By Paul Williams, country manager – Southern Africa at Fortinet
You know what they say about history: Those who don’t learn from it are doomed to repeat it. Another maxim about the future holds true, too: To predict the future, simply look at the past. With that in mind, here’s a quick overview of the current state of cybersecurity, along with what lies on the horizon and what organisations can do to secure their networks.
Mid-Sized Companies and the Cloud
Mid-sized companies are facing a Scylla-and-Charybdis moment with respect to the cloud; it offers huge business benefits but huge risks as well. Research shows that mid-sized firms recently saw higher rates of botnet infections, revealing that these firms deal with more than their fair share of security problems. It is possible that cybercriminals see mid-sized organisations as a “happy medium” because they often do not have the same level of security resources and technologies as large enterprises but still have valuable data assets. At the same time, the attack surface for mid-sized firms is growing at a faster rate than that of larger enterprises due to faster cloud adoption rates.
The cloud continues as a point of vulnerability because its services are centralised and present a huge potential threat landscape. Its complex, hyper-connected networks can produce a single point of failure. Rather than hacking a dozen businesses, criminals can hack a single cloud environment and potentially have access to data from dozens or hundreds of organisations, or wipe out an entire range of services with a single attack. This is the exact scenario by which the Mirai botnet took out a DNS hosting provider.
The success of IoT botnets like Mirai, Hajime and Reaper fuels the prediction that criminals will use artificial intelligence (AI) to detect a weakness and then use it to cripple a service that generates millions of dollars a day for the provider while disrupting service for potentially hundreds or thousands of businesses and tens of thousands or millions of their customers.
The Trouble with Botnets
In the last quarter, many companies experienced the same botnet infections multiple times. This could be due to one of two reasons. Either the organisation did not thoroughly understand the total scope of the breach and the botnet went dormant, only to return again after normal business operations resumed, or they never found the root cause or “patient zero.”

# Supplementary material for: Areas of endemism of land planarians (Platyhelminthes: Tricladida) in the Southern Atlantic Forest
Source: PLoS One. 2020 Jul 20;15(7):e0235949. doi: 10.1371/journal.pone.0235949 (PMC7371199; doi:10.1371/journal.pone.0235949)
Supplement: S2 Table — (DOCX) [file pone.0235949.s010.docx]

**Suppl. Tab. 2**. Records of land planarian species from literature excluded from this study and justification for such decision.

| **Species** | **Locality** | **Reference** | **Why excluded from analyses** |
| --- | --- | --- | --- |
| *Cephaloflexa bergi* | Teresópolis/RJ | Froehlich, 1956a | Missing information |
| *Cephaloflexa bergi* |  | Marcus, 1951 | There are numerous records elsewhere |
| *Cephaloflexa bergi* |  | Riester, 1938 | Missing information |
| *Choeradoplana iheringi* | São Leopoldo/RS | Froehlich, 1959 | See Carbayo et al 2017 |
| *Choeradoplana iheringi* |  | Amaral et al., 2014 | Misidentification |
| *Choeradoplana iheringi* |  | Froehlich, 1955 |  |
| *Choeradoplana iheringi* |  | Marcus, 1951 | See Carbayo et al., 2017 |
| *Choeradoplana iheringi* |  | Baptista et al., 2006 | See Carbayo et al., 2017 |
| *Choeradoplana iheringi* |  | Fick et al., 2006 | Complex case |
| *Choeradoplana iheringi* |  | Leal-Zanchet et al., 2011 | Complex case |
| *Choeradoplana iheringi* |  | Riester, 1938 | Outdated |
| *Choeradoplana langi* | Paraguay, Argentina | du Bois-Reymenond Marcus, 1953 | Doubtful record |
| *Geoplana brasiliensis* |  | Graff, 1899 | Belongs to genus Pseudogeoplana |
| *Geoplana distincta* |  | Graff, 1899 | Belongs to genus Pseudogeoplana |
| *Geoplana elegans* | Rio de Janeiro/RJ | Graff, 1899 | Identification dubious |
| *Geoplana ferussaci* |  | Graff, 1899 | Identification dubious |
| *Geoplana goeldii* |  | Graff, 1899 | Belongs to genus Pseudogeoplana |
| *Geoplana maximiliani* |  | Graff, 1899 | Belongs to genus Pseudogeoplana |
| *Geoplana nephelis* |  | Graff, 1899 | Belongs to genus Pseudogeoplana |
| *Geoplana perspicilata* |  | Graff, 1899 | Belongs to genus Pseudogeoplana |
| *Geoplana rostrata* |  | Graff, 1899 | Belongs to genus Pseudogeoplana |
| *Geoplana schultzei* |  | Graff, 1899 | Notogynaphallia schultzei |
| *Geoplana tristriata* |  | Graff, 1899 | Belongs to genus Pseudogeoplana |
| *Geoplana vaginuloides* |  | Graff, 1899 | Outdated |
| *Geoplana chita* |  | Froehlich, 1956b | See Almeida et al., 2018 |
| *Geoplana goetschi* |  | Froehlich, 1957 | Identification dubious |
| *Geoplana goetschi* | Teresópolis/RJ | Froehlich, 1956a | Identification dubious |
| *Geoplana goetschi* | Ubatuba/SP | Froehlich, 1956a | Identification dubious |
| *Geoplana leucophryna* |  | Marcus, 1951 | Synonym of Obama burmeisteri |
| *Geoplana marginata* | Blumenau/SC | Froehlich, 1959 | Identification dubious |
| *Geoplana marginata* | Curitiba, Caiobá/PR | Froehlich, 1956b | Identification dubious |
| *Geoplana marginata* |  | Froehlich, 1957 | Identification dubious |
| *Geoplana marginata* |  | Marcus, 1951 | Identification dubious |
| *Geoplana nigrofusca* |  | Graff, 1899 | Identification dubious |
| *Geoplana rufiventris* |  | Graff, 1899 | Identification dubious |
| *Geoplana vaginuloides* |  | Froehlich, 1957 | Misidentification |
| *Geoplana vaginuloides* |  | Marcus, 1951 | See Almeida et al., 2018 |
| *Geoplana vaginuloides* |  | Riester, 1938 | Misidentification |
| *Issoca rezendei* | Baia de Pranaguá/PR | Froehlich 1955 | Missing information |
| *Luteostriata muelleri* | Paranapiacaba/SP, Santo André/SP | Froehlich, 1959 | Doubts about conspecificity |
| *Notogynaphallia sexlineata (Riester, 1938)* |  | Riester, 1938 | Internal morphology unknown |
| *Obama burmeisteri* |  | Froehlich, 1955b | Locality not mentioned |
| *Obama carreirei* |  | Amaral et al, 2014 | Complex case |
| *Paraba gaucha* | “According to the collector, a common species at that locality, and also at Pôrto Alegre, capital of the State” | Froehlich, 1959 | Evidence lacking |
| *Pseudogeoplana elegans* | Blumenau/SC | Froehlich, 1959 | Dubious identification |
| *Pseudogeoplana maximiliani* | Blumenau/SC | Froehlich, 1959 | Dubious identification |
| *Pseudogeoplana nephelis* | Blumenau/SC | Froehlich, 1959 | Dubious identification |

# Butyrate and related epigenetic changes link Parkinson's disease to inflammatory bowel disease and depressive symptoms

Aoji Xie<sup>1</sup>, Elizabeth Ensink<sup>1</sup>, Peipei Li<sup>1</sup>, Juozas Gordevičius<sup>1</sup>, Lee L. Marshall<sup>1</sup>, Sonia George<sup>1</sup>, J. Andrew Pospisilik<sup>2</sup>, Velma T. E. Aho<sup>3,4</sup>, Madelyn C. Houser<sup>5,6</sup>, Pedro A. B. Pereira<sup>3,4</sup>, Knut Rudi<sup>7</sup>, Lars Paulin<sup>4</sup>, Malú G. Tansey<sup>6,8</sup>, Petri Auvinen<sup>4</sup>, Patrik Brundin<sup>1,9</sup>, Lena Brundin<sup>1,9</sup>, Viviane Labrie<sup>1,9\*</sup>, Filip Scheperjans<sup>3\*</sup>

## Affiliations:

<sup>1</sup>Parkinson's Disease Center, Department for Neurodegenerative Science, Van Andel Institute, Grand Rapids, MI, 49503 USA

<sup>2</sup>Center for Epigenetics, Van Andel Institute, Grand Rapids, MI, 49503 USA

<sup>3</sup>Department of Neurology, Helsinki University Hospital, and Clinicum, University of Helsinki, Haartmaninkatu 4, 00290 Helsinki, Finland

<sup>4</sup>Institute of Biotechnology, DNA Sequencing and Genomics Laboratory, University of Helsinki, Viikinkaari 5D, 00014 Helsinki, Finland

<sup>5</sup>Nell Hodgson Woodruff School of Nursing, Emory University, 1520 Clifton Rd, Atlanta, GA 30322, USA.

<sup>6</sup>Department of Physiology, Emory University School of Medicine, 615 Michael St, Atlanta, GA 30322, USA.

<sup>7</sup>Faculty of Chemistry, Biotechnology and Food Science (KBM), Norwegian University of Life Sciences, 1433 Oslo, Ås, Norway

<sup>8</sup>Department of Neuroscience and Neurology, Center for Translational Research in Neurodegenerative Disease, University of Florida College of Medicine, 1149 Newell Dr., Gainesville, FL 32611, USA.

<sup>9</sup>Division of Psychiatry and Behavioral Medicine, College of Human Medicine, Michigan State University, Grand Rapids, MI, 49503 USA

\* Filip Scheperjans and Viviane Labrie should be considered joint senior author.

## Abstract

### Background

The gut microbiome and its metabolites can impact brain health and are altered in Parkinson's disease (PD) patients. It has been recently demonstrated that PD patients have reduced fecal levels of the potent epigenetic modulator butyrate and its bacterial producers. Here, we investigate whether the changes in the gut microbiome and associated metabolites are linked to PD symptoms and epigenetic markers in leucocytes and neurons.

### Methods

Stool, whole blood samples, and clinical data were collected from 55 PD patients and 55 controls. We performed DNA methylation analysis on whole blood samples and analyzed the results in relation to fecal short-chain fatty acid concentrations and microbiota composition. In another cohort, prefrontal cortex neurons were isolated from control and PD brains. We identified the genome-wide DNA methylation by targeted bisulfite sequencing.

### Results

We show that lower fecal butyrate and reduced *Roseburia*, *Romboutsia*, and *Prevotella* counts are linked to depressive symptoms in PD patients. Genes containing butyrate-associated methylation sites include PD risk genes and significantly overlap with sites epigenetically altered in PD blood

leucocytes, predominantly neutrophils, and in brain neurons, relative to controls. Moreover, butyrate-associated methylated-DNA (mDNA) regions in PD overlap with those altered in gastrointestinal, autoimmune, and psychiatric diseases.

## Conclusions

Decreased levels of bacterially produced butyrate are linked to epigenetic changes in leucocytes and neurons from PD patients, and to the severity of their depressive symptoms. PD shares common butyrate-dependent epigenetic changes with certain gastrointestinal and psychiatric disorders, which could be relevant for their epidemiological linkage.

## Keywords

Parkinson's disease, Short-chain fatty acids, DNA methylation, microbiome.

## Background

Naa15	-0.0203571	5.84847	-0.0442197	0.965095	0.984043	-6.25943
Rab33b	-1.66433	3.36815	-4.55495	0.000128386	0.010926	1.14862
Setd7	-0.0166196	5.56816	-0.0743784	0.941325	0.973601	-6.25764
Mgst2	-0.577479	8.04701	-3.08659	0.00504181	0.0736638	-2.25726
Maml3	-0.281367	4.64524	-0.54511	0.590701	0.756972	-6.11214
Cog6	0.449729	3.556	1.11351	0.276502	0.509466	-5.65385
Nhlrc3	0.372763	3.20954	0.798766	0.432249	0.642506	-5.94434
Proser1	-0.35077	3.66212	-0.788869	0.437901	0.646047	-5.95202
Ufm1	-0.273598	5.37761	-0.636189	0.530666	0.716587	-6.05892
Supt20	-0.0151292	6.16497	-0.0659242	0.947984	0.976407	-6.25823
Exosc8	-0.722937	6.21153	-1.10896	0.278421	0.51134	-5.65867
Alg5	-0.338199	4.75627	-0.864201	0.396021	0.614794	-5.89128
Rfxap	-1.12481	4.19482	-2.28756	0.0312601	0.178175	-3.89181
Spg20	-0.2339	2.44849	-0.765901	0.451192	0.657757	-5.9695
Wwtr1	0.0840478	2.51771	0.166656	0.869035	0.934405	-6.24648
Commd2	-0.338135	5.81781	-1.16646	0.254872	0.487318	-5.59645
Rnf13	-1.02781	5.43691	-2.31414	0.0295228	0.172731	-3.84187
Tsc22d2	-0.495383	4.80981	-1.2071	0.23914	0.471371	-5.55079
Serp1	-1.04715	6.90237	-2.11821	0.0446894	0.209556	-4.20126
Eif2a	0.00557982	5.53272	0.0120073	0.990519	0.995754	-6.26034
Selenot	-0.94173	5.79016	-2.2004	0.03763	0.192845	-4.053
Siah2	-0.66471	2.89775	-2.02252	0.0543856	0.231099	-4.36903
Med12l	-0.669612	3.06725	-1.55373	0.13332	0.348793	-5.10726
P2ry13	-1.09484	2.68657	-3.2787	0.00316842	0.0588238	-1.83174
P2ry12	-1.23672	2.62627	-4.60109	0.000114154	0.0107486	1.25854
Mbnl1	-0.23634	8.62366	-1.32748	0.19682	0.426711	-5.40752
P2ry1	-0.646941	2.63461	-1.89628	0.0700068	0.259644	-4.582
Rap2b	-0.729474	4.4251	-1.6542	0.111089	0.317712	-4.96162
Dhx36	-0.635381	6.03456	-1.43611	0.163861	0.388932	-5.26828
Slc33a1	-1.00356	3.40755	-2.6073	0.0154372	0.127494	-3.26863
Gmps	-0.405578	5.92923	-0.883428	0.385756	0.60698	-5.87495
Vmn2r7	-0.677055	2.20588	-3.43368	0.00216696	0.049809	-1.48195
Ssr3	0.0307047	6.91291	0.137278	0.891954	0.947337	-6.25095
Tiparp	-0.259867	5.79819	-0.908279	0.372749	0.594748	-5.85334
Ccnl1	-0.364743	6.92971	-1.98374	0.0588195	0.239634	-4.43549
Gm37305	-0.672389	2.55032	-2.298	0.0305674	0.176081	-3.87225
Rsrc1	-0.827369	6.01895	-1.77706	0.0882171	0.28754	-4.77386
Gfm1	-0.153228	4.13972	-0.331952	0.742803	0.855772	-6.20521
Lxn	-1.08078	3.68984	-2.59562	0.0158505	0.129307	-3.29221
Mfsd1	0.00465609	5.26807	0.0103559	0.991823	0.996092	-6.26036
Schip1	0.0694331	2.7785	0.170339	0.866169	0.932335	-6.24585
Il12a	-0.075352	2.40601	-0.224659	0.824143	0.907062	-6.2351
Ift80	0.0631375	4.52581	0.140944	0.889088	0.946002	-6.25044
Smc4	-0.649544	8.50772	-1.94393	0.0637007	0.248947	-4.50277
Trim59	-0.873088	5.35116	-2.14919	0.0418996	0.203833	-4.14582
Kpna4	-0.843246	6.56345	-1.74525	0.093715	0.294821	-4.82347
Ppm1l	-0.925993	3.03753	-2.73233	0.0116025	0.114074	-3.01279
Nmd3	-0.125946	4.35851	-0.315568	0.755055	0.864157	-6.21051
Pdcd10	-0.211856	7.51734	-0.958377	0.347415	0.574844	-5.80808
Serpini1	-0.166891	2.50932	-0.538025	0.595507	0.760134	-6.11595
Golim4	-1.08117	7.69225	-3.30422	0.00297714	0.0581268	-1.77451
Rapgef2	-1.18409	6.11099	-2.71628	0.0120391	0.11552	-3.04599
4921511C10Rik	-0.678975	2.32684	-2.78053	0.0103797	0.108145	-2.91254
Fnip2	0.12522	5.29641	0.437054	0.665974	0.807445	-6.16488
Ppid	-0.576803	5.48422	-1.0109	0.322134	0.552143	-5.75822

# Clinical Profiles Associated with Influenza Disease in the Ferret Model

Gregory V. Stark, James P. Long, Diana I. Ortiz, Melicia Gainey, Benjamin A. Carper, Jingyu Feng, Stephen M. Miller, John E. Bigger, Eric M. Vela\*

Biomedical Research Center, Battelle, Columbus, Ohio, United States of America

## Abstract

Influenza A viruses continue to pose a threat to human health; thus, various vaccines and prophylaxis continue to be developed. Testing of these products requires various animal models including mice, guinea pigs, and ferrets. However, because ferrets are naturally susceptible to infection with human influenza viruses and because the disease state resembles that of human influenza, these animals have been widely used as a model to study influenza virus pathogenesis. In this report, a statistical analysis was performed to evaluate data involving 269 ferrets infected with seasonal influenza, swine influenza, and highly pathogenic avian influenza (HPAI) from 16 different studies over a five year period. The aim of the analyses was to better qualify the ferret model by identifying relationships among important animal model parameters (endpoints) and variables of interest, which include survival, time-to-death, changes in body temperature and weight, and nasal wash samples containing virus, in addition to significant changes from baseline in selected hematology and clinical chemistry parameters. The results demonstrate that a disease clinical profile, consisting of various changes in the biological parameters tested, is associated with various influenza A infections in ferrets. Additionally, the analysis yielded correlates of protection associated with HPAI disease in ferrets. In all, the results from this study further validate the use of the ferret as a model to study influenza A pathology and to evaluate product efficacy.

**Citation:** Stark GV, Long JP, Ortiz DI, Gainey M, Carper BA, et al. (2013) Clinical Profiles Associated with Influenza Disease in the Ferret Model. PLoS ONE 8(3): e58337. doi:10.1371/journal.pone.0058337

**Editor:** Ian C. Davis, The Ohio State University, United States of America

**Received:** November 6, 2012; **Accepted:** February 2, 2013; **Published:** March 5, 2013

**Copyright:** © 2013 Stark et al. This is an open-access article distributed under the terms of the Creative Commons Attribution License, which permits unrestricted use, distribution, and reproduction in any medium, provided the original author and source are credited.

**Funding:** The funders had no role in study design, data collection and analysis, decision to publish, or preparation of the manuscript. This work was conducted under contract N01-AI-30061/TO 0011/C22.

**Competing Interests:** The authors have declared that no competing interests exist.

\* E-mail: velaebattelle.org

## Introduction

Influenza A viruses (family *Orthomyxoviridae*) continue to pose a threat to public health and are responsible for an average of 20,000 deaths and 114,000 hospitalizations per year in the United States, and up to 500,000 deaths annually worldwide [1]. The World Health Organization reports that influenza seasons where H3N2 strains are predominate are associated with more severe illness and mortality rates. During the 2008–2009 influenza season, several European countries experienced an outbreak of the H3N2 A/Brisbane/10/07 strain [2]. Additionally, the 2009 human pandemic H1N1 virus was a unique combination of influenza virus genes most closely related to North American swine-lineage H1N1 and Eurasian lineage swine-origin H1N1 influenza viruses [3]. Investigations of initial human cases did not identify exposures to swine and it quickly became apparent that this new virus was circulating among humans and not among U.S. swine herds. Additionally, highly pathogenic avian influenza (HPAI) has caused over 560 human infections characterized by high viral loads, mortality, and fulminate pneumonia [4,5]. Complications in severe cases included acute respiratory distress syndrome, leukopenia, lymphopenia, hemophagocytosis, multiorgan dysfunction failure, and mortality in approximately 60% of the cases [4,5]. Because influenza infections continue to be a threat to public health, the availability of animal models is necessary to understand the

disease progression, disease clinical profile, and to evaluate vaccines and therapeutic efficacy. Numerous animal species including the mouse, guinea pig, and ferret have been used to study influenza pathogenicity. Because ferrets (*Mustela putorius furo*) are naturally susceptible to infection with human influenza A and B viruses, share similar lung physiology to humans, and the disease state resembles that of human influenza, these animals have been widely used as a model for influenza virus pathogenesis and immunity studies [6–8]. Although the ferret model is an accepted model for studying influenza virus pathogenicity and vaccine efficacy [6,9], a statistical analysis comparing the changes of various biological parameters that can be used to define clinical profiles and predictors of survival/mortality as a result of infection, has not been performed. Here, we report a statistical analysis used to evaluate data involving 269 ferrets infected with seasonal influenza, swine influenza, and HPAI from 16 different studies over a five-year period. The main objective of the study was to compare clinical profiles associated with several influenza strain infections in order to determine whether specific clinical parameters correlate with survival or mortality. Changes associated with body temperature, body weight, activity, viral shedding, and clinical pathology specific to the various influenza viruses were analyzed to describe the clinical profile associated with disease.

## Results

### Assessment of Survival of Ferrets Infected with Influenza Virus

As unsecured IoT devices become more sophisticated, and attack methodologies become more intelligent, there is the real potential to create swarms of compromised IoT devices that could indiscriminately attack like a hive of angry bees. It is highly probable that cybercriminals will replace botnets with intelligent clusters of compromised devices built around swarm technology to create more effective attack vectors with minimal supervision, or even autonomously.
This would become a hivenet rather than a botnet, and it would be able to use peer-based self-learning to effectively target vulnerable systems at an unprecedented scale. Hivenets will be able to use swarms of compromised devices to identify and tackle different attack vectors all at once. As it identifies and compromises more devices, a hivenet would be able to grow exponentially, widening its ability to simultaneously attack multiple victims.
Security threats like those discussed above demand the latest in security strategies and technologies, but they also require good, old-fashioned cyber hygiene. After all, the best locks on the planet cannot secure a door that’s been left open. So then, the first order of business is to identify all your authorised and unauthorised assets within your environment. You have to know what you’ve got in order to know what you’re protecting.
It is also important to limit user privileges; not everyone needs administrator credentials. In addition, keep your assets updated and patched, and limit applications to only those with a business need. Using unnecessary applications enlarges the attack surface and increases the complexity of protecting the environment.
As for breaches, have a documented plan for how you will detect, analyse, respond to and recover from a breach. Ensure you focus on properly identifying the full scope of the breach and forensics analysis to determine how the threat got there in the first place.
Toward Integrated Security
Finally, the best defence against today’s intelligent and automated threats is an integrated, collaborative and highly adaptive security fabric. If you can get the fabric-based security system right, using AI applications such as machine learning, you will have the quintessential security defence system, and will be able to survive this year’s threats as well as next year’s.